I see-sawed like this between overwhelm and calm for many years – until two years ago. I injured my back and was forced to step away from paid work for a few months. A few days after my injury, Plain Buddhist Monk Bhante Jason Chan, who I had met only briefly a year earlier, turned up on our doorstep and asked if he could stay for his rains retreat – a time when wandering Buddhist monks traditionally stay put for a while.

For three months I fell into a slow daily routine. Each morning in my kitchen, while I prepared wholesome nourishing food, I’d ask Bhante a question or two about simple living. Then I’d listen to him chant before his meal, and then I’d spend the afternoon contemplating what I wanted to achieve with my life. It was a luxury I’m extremely grateful for.

Pausing and giving serious thought to what I wanted to achieve with my ‘one wild and precious life’ (to quote Mary Oliver) gave me the confidence to say ‘no thank you’ to my dream job. Just days before my back injury I’d finished one job so that I could accept another. It was a position I couldn’t resist – working in science, communication and conservation for an organisation I respected. But the position would have turned our family life upside down. It meant regular trips to Sydney, juggling before and after school care, and left little time for me to garden or simply wander through the forest. In that three months, I realised that despite it being my dream job – saying ‘no thank you’ was the right decision for me and my family.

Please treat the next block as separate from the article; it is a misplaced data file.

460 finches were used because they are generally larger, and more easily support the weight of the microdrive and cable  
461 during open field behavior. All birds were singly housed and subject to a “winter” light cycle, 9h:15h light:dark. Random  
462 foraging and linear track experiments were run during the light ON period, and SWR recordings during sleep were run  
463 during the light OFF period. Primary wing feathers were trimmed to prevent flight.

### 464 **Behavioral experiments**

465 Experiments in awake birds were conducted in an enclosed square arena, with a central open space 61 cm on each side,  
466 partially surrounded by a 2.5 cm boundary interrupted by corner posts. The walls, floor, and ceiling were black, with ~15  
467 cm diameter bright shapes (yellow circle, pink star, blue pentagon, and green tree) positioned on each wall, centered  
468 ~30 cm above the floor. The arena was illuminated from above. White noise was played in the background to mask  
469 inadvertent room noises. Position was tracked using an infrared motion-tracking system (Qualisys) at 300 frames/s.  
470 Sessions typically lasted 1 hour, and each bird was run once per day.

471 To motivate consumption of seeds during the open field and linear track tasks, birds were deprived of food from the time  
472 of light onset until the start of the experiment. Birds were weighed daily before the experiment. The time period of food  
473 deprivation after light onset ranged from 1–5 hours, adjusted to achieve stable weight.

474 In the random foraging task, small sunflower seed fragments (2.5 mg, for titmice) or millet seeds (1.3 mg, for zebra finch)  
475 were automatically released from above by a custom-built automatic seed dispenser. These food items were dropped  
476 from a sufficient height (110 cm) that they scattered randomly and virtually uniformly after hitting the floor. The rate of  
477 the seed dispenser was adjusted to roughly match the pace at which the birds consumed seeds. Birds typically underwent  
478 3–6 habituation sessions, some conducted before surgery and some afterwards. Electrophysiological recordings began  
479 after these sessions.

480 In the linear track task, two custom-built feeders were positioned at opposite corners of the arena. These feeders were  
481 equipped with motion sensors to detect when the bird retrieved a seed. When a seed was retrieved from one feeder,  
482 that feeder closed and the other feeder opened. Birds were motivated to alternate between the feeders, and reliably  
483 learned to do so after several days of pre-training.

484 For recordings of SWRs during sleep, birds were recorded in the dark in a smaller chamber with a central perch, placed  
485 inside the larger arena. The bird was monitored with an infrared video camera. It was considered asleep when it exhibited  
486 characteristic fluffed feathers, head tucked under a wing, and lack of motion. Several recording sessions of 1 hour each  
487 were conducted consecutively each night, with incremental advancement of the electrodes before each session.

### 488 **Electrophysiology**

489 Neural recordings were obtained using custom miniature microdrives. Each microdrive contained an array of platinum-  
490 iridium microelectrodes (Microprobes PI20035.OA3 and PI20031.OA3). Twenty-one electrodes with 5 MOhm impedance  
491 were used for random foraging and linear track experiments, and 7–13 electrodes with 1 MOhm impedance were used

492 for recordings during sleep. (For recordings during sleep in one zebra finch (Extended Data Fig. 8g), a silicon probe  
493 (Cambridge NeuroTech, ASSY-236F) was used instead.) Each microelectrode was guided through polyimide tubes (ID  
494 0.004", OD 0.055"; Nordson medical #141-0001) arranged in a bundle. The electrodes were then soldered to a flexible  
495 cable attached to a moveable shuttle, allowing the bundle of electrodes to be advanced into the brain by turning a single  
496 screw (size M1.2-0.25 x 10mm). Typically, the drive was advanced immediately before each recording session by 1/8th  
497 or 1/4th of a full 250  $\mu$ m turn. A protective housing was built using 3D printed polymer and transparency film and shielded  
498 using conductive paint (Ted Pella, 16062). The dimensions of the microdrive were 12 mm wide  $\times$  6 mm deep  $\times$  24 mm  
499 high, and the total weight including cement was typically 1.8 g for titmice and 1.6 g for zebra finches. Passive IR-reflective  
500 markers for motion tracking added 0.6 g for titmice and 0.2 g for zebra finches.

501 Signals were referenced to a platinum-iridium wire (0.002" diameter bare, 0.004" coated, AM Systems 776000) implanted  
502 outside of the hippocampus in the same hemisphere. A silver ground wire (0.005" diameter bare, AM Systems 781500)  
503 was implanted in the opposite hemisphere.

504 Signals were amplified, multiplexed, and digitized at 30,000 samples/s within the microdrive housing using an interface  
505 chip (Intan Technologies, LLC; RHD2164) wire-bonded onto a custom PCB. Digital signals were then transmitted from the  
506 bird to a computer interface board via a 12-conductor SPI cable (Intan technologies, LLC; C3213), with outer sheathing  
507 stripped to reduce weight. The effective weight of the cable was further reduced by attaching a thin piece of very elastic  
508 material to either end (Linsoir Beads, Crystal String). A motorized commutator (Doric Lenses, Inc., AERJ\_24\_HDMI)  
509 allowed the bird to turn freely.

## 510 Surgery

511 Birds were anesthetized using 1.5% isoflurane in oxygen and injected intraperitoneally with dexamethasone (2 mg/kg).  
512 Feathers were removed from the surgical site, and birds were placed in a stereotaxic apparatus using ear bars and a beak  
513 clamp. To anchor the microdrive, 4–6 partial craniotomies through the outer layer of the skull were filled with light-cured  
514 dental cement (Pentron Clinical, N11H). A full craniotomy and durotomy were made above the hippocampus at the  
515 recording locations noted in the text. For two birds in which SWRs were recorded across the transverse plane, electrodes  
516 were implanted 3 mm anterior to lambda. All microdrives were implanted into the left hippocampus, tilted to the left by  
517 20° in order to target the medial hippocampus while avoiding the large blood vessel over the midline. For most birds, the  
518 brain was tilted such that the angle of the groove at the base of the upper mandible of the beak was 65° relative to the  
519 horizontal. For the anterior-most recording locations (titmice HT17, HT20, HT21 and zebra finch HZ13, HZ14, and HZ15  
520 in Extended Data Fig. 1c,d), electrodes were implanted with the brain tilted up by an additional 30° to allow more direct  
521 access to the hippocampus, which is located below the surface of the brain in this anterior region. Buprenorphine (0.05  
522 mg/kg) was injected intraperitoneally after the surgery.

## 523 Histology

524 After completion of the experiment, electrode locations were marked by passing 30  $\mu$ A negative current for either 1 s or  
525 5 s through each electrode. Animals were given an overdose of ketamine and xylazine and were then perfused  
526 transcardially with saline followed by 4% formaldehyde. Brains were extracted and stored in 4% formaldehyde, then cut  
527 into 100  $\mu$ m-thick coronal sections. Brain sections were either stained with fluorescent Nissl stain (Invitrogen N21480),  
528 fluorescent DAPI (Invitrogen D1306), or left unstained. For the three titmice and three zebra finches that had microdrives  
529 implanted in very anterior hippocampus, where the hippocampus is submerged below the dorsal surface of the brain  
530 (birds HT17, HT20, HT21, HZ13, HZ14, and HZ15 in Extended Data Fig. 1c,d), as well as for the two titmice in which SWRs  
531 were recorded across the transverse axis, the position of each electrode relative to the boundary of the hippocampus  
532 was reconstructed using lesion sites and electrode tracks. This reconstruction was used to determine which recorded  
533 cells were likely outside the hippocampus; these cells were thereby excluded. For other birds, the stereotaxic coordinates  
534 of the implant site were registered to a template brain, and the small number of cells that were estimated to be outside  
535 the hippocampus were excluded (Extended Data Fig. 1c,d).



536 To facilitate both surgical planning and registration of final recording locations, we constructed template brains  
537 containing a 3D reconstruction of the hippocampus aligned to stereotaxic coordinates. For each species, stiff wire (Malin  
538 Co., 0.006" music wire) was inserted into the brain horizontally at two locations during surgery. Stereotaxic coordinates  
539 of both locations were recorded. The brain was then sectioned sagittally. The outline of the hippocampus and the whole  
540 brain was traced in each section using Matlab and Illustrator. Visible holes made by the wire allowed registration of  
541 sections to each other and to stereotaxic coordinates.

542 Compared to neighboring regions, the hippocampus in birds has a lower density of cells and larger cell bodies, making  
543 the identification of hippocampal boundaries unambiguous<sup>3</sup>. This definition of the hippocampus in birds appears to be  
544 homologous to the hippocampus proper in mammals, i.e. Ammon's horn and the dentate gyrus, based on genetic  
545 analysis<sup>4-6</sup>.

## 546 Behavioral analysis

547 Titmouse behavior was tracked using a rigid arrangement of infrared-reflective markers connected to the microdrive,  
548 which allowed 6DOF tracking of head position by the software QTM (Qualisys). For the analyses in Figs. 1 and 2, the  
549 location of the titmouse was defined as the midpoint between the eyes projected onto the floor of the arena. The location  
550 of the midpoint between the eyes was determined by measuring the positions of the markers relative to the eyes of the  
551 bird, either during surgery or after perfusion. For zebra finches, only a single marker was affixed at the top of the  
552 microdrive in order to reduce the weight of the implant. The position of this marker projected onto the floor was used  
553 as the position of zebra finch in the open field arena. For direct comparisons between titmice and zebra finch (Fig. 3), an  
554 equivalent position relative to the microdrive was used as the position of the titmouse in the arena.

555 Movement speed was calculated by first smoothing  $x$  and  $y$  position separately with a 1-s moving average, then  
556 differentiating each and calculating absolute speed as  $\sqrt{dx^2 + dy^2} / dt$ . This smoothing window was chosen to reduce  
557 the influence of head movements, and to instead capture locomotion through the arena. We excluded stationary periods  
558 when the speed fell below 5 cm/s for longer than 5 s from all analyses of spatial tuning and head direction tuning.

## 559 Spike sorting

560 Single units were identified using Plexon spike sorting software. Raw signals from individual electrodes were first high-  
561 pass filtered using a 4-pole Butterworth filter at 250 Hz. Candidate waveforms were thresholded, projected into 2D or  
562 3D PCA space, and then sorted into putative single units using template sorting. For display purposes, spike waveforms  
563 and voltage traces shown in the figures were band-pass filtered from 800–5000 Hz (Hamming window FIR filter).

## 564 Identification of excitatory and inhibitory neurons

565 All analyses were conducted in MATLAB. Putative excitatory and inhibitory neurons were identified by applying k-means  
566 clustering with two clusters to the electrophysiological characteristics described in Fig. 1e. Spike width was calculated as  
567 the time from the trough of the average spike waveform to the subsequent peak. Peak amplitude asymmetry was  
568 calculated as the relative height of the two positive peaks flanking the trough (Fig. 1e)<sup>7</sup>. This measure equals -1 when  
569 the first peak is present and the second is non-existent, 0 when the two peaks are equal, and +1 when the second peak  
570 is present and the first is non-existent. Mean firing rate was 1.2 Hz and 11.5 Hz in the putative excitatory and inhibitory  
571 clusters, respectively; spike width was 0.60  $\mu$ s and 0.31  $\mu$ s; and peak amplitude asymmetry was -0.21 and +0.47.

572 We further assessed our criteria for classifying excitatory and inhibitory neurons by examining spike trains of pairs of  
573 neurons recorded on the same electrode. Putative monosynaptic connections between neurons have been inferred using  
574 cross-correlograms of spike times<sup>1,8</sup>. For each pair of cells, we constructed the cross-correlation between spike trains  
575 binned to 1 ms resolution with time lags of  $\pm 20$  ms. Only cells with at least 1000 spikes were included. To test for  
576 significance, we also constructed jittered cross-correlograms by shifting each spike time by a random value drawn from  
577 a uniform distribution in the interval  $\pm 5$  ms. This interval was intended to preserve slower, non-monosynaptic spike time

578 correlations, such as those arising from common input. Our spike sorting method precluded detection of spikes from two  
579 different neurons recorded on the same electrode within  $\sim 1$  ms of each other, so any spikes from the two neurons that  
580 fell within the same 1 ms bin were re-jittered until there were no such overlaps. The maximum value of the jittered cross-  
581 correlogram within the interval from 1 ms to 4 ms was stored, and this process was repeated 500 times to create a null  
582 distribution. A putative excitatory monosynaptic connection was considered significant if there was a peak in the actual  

Since that one hard decision – all other no thank you’s have been easier. Prioritising what’s most important becomes easier the more you practise it.

Tricia Hogbin

You have a big following on instagram, with people looking forward to your posts in both words and pictures, drawing their own strength from within that. How do you think it fits with today’s fast media culture, and living a consciously slower lifestyle? Where do you draw your strength from? (doesn’t have to be social media based!)

I love that social media is an easy way to inspire and be inspired. I love the enthusiasm the Instagram community has for (hashtag) slow living, foraging, growing your own food, zero waste, minimalism, and tiny houses. These ‘trends’ each have the potential to contribute to people living a more sustainable life that is kinder on our planet.

But note I say only ‘potential’ – to truly change the way you live you need to be grateful for what you have – rather than continually yearn for more. Social media can feed that yearning for more.

Social media can also be a mindless distraction from being present. Spending too much time looking outwards also leaves little time for looking within.